"I'm pleased that these dedicated individuals have received support and
assistance from the Oneida Nation and Running Strong for American Indian
Youth," said Daschle. "Promoting strong economic relationships between
Native people is an important part of improving economic conditions in
Indian country and creating jobs. By working together, Native people
throughout the United States can forge important bonds and relationships
that will prove beneficial for all Native Americans."

In a global context a serious case can be made that while "northern"
developed nations built, accumulated and compounded wealth over centuries,
much of the rest of the world (including those who first inhabited that
world) was left behind. Instabilities in the Middle East, Africa, Asia and
South America, owe their measure, at least in some degree, to an abdication
of responsibility by wealthy nations. International development funding for
example, historically, has been abysmally low or politically manipulated,
often both. How is it otherwise that while wealthy nations continue to
prosper, other parts of the world remain mired in poverty, death and
despair, even genocide. The gap between those who have and those who have
not continues to expand. But this is not the world that American Indian
activists, educators and philosophers envisioned when the march toward
self-determination renewed itself in the mid-20th century. Neither do we
believe it should be the world envisioned by today's American Indian tribal
leaders and business class.

This is not to suggest that wealthy tribes simply open up their wallets and
add one layer of welfare to another in impoverished regions of Indian
country. There needs to be a balanced approach, one that blends profitable
methods of investment with philanthropic incentive. The most critical
requirement, however, is knowledge. As evidenced this past week within the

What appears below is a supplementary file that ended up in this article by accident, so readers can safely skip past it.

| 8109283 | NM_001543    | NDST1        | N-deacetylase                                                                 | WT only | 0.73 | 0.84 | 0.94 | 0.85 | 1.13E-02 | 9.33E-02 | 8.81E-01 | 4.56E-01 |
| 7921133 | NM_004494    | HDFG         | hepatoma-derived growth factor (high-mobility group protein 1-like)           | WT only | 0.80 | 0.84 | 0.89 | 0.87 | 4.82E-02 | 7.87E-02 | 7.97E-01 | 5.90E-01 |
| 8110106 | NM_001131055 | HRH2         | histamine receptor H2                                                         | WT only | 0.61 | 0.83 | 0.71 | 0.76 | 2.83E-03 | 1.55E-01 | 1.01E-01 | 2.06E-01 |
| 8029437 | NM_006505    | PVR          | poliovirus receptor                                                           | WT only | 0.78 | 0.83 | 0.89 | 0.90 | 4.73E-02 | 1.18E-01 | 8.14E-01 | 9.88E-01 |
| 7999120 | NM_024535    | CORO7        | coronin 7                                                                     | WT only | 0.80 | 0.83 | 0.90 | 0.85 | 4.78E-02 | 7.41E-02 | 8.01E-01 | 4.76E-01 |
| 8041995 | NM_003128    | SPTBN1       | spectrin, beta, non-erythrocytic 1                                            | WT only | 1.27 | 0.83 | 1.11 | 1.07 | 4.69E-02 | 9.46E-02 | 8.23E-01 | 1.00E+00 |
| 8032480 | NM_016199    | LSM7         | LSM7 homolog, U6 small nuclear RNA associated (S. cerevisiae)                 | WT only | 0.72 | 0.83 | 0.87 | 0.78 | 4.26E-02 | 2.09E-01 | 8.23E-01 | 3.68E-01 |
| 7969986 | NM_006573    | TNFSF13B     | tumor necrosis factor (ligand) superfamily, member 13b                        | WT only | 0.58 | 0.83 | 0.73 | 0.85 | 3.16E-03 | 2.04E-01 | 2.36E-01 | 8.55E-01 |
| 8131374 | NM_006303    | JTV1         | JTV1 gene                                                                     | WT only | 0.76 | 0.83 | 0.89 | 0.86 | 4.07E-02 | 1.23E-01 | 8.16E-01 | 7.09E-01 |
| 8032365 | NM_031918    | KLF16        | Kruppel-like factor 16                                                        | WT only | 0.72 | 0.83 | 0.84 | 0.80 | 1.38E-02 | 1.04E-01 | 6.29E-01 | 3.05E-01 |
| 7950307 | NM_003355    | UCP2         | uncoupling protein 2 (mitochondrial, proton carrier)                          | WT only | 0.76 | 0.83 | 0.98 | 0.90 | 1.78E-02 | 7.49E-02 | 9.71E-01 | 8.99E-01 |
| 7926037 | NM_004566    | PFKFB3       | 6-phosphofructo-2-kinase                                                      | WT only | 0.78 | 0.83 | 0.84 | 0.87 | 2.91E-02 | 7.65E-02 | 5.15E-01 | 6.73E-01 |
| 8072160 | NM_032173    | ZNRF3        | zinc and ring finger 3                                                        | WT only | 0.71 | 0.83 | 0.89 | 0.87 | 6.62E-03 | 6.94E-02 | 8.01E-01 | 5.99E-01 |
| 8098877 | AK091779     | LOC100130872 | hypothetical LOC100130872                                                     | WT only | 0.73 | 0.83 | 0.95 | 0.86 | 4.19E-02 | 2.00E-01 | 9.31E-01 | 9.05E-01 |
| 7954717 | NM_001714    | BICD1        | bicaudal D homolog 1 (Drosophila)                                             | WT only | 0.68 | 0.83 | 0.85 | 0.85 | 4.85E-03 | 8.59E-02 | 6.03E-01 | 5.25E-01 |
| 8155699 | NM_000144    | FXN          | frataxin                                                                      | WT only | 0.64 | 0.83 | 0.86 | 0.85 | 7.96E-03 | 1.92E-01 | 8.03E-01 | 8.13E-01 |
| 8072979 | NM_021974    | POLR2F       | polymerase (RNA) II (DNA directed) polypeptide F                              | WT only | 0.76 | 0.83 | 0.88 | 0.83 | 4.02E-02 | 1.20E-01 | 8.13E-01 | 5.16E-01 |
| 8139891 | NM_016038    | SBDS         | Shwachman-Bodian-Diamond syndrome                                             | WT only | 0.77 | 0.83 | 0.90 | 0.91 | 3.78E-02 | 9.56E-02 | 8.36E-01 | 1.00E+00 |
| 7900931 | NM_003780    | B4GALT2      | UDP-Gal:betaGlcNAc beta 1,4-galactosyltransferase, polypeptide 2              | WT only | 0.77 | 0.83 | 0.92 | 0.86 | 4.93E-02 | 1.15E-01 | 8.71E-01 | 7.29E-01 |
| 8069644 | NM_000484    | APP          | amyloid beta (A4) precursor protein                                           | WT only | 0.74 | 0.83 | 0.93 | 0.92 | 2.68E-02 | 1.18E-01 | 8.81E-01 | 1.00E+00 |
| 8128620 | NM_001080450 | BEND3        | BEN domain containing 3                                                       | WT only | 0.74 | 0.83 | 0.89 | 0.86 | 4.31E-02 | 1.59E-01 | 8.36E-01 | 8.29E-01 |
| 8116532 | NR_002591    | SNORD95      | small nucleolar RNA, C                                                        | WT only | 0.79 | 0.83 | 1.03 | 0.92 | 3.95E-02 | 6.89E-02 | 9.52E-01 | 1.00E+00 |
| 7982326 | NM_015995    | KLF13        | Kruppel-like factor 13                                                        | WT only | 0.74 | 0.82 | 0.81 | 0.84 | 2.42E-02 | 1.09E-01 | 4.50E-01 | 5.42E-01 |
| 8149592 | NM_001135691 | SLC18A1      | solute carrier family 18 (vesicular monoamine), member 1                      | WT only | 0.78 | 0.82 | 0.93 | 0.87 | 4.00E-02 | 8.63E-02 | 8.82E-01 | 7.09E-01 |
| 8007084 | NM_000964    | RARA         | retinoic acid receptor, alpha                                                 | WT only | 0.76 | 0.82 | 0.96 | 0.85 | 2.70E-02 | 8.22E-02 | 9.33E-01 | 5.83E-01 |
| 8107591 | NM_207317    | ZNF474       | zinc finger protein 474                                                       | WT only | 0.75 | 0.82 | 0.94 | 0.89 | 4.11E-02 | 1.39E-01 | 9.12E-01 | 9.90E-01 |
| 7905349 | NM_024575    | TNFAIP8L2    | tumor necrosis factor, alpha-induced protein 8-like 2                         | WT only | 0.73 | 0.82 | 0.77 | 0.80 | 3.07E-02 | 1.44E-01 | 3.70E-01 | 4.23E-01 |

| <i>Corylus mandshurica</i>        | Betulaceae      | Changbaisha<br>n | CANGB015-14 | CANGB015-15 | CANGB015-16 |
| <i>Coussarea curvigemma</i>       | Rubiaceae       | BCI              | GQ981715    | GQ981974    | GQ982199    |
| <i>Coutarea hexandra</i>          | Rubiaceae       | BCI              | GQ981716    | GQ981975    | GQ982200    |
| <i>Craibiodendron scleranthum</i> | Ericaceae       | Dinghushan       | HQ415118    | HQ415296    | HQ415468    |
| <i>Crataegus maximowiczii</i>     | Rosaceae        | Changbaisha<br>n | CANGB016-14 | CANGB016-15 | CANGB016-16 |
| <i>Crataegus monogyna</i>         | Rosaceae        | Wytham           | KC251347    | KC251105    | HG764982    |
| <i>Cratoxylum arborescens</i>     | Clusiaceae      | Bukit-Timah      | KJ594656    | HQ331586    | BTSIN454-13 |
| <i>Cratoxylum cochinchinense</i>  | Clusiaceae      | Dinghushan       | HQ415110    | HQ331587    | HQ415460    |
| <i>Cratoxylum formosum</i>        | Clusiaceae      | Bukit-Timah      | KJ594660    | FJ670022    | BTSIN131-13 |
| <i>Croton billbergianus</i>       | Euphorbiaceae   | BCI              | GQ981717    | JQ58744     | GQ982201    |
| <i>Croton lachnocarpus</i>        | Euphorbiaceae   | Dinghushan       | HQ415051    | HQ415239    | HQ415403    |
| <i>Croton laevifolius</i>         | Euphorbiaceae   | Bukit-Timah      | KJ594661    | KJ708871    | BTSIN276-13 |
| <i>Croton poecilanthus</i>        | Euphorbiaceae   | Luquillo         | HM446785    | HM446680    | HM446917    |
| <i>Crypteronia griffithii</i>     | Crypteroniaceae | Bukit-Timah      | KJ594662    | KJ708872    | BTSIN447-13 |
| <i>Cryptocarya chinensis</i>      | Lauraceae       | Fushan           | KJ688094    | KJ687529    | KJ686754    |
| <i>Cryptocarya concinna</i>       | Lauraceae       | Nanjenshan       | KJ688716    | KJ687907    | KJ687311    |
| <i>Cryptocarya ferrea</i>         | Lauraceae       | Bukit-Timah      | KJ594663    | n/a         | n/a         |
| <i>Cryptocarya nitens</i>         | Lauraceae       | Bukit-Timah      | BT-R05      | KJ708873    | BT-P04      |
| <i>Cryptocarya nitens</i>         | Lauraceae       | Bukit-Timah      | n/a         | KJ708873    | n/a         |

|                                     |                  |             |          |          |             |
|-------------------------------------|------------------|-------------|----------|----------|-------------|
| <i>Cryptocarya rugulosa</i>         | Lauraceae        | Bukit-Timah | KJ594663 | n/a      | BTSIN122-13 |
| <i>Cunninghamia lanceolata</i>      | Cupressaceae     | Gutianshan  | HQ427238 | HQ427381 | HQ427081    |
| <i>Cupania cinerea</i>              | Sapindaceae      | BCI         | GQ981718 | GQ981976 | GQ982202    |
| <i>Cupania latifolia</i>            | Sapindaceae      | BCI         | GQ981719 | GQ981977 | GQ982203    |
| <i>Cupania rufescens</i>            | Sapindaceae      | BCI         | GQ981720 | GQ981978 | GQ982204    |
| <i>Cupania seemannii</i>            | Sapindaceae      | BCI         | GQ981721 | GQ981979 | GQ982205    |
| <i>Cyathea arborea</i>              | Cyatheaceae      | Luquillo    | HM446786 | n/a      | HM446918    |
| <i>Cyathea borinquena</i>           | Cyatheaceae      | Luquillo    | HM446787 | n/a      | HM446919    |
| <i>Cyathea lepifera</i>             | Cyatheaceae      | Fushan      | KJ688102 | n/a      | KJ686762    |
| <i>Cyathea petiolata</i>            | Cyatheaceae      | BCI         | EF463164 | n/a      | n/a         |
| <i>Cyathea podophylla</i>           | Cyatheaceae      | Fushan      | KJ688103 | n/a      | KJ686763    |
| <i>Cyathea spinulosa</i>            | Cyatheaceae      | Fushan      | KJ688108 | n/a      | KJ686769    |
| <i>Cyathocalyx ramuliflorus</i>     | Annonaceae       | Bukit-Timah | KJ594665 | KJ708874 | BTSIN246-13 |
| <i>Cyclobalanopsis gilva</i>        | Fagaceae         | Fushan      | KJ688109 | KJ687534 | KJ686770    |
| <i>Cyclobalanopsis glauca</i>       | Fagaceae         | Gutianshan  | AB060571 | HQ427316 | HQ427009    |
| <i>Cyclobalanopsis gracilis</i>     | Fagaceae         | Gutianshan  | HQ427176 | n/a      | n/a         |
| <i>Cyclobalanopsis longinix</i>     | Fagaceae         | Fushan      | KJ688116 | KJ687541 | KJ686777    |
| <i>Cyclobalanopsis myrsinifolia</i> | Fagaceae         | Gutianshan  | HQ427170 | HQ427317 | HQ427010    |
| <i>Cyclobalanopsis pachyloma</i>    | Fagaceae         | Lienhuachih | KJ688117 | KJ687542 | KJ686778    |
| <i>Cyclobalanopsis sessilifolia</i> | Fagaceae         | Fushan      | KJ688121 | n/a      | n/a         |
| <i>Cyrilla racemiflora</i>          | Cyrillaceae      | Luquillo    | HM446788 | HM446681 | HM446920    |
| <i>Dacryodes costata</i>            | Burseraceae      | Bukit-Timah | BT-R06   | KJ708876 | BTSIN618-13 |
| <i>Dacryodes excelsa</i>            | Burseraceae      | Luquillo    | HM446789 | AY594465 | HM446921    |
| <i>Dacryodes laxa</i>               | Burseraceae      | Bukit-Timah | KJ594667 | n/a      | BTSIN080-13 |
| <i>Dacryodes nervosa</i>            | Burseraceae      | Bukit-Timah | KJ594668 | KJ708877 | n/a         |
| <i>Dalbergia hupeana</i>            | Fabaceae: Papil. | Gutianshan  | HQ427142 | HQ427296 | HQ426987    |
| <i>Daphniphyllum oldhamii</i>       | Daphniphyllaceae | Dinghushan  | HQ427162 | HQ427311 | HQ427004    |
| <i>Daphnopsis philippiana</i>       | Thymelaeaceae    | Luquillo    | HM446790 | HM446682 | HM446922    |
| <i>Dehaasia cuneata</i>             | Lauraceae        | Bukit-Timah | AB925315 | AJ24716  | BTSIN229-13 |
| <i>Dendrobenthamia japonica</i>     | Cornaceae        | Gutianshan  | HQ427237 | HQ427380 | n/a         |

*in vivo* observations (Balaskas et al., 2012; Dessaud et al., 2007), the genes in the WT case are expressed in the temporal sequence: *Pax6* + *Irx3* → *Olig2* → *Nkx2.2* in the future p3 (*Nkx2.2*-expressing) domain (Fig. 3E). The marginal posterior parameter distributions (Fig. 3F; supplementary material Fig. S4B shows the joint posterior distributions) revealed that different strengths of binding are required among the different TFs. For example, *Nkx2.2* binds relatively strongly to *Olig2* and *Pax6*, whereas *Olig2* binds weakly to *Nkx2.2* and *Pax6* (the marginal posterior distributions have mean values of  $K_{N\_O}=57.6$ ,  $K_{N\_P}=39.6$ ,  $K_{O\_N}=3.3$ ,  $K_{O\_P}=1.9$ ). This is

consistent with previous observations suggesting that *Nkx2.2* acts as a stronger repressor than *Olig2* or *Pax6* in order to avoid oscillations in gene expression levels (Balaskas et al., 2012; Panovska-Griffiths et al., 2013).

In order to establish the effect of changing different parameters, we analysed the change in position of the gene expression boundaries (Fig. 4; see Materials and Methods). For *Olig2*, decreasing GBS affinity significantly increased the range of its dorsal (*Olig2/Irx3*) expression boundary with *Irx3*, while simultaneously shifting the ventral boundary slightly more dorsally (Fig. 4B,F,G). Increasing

mountains and along the vast horizons, sitting at family tables in the
communities and riding on the highways and dirt roads of South Dakota, it
is crucial that American Indians learn about the lives, circumstances and
challenges faced by other American Indians. This requires commitment and
time. Only then will sustainable opportunities become obvious. We trust
that Indian country will sets its own course with respect to
"international" (inter-tribal) development.

Toward this broad discussion we encourage all of Indian country to
participate in the inaugural Tribal Wealth Management Conference being held
September 27 - 29, at the Seminole Hard Rock Hotel and Casino in Hollywood,
Fla. Wide ranging topics include: Diversifying Tribal Enterprises;
Establishing Trust Funds; Alternative Investment Vehicles; and Funding
Cross Tribal Enterprise - Investing in Native CDFIs. This event marks a
significant step forward whereby tribal and business leaders share valuable
information and experiences that are useful to securing prosperous tribal
futures for the Seventh Generation and beyond. Now that several tribes are
in a position to invest and grow their wealth, the conference represents a
timely and responsible course of action.

It is also imperative that nations emerging and beginning to thrive
economically be among the first in line to understand and appreciate the
depth of misery and disregard suffered by a large percentage of Indian
country. The problems of Indian country are deep and ingrained but not by
any means hopeless. There are excellent people and grassroots efforts
everywhere. The future of our common fate depends on our common endeavor.
People to people, project to project, nation to nation, Indian country can
and must be the model for the rest of the world. Even in the most modern of
circumstances, our ancient traditions of helping the people must guide our
paths.